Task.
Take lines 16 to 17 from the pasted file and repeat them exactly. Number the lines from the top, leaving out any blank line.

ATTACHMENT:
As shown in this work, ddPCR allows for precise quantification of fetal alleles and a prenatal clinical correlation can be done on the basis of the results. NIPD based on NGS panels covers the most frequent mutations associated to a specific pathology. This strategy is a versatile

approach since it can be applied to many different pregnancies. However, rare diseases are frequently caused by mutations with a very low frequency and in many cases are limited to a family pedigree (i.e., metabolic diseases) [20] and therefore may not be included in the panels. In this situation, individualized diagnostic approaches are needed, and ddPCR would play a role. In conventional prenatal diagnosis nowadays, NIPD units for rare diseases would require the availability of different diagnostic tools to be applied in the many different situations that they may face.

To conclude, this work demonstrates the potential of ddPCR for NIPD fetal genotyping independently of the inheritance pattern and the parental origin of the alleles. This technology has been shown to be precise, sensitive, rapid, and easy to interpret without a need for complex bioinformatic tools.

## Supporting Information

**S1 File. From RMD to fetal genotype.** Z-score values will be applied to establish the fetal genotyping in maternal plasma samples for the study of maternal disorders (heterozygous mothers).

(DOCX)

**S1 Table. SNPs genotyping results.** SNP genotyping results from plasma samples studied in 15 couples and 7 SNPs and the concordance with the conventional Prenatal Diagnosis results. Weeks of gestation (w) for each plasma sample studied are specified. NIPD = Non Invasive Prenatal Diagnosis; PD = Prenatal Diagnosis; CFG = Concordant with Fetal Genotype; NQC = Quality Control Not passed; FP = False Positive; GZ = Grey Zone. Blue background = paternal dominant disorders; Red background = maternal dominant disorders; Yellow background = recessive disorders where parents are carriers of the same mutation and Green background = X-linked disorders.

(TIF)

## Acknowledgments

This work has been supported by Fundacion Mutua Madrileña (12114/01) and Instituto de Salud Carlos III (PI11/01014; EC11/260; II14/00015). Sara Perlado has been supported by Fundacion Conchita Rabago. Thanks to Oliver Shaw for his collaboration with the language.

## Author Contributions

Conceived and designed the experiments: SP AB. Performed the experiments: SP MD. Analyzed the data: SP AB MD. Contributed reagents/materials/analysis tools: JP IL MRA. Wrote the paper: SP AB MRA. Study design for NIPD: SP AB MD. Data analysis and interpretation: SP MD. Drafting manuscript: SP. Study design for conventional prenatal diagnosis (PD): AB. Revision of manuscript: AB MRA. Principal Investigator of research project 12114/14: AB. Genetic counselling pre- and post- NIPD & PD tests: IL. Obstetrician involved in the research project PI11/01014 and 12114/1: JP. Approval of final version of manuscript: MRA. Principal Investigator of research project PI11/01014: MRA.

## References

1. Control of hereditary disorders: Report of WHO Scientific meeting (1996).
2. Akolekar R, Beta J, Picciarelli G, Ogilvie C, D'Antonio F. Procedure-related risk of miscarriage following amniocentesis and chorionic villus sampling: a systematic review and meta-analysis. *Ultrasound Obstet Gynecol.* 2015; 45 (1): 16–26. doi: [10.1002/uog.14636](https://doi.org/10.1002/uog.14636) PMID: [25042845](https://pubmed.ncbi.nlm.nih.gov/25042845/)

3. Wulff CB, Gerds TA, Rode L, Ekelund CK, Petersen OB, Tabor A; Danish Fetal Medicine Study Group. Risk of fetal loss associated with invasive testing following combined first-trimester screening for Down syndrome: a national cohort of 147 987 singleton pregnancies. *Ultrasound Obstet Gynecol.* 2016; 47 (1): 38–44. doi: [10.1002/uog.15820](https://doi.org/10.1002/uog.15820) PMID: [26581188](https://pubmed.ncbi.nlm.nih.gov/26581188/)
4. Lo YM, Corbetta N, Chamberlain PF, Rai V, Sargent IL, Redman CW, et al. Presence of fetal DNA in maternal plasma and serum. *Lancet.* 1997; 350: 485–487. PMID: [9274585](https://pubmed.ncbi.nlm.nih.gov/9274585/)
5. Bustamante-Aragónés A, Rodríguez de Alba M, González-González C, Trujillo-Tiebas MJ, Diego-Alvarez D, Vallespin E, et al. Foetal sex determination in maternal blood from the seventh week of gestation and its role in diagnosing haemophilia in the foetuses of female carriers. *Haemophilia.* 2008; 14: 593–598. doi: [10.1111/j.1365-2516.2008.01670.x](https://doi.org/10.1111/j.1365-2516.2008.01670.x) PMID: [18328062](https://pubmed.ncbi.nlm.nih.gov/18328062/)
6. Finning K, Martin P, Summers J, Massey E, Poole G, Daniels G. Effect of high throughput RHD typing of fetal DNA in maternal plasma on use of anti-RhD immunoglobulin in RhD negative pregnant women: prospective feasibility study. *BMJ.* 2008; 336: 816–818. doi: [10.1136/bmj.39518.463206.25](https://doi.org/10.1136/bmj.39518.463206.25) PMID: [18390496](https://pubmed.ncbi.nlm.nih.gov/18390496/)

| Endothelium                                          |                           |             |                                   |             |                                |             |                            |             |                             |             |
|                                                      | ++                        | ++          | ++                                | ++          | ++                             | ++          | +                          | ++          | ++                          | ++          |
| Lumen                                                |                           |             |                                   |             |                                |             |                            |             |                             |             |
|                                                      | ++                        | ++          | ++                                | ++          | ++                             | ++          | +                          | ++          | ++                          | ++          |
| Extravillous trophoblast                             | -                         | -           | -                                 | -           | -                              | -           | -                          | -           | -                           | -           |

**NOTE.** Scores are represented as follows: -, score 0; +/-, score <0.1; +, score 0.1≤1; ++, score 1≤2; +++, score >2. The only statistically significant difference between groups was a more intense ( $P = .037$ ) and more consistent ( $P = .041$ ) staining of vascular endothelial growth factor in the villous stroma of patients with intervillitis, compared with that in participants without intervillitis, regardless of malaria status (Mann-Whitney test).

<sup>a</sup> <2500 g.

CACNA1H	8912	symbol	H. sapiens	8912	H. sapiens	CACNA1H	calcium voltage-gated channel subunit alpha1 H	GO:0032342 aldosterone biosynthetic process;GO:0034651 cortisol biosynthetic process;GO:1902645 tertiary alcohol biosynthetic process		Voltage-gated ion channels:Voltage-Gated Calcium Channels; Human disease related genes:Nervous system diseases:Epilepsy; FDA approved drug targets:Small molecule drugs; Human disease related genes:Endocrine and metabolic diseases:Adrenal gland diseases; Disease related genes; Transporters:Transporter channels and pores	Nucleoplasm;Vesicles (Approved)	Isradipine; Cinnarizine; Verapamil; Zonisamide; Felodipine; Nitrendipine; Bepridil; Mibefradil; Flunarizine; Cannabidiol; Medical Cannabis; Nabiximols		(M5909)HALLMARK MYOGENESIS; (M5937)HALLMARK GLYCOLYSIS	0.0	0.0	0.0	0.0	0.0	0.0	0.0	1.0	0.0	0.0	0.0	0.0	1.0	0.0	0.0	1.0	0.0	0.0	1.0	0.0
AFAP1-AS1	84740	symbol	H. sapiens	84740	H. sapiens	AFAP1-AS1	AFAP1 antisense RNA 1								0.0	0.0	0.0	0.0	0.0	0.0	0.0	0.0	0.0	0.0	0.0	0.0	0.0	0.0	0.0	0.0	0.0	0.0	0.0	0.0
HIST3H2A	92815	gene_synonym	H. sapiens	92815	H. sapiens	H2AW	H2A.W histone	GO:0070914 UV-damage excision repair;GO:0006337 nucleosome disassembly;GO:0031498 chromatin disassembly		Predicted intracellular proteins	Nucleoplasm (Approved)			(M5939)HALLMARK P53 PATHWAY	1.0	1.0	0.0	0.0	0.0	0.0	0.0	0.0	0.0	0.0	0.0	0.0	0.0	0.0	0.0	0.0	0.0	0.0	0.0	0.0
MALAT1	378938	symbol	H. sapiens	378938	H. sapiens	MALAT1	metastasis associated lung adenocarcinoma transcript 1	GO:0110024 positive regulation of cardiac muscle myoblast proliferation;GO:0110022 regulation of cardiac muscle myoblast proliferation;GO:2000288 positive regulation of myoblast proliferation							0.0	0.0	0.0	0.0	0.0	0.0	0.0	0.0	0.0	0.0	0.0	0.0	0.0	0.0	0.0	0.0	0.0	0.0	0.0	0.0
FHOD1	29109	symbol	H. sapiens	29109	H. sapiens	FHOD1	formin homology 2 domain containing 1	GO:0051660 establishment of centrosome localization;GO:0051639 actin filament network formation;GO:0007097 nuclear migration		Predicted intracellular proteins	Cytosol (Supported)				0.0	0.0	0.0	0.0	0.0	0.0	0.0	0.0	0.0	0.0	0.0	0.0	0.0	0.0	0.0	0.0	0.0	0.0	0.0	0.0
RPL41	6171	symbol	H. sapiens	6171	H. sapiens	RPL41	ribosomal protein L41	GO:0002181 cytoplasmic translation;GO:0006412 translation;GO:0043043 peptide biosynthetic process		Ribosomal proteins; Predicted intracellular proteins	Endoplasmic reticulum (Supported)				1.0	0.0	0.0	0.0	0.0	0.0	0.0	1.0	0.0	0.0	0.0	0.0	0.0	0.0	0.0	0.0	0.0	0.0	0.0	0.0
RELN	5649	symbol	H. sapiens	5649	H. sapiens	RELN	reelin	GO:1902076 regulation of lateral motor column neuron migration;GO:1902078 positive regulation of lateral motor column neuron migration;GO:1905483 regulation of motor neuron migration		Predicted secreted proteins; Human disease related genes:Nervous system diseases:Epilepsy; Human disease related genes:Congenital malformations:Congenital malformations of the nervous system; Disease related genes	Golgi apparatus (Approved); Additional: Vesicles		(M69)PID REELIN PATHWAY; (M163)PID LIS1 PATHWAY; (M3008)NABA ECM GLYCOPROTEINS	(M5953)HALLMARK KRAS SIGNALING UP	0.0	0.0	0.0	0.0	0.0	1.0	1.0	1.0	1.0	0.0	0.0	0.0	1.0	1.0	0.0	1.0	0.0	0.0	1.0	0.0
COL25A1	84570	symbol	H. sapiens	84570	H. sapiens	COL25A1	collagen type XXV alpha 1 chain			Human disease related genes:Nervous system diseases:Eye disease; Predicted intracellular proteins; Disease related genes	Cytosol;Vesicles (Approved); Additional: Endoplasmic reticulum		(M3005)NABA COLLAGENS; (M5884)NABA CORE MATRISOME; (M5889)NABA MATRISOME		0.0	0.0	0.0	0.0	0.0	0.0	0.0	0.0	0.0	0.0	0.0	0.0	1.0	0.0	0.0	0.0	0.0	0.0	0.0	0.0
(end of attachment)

3. Wulff CB, Gerds TA, Rode L, Ekelund CK, Petersen OB, Tabor A; Danish Fetal Medicine Study Group. Risk of fetal loss associated with invasive testing following combined first-trimester screening for Down syndrome: a national cohort of 147 987 singleton pregnancies. *Ultrasound Obstet Gynecol.* 2016; 47 (1): 38–44. doi: [10.1002/uog.15820](https://doi.org/10.1002/uog.15820) PMID: [26581188](https://pubmed.ncbi.nlm.nih.gov/26581188/)
4. Lo YM, Corbetta N, Chamberlain PF, Rai V, Sargent IL, Redman CW, et al. Presence of fetal DNA in maternal plasma and serum. *Lancet.* 1997; 350: 485–487. PMID: [9274585](https://pubmed.ncbi.nlm.nih.gov/9274585/)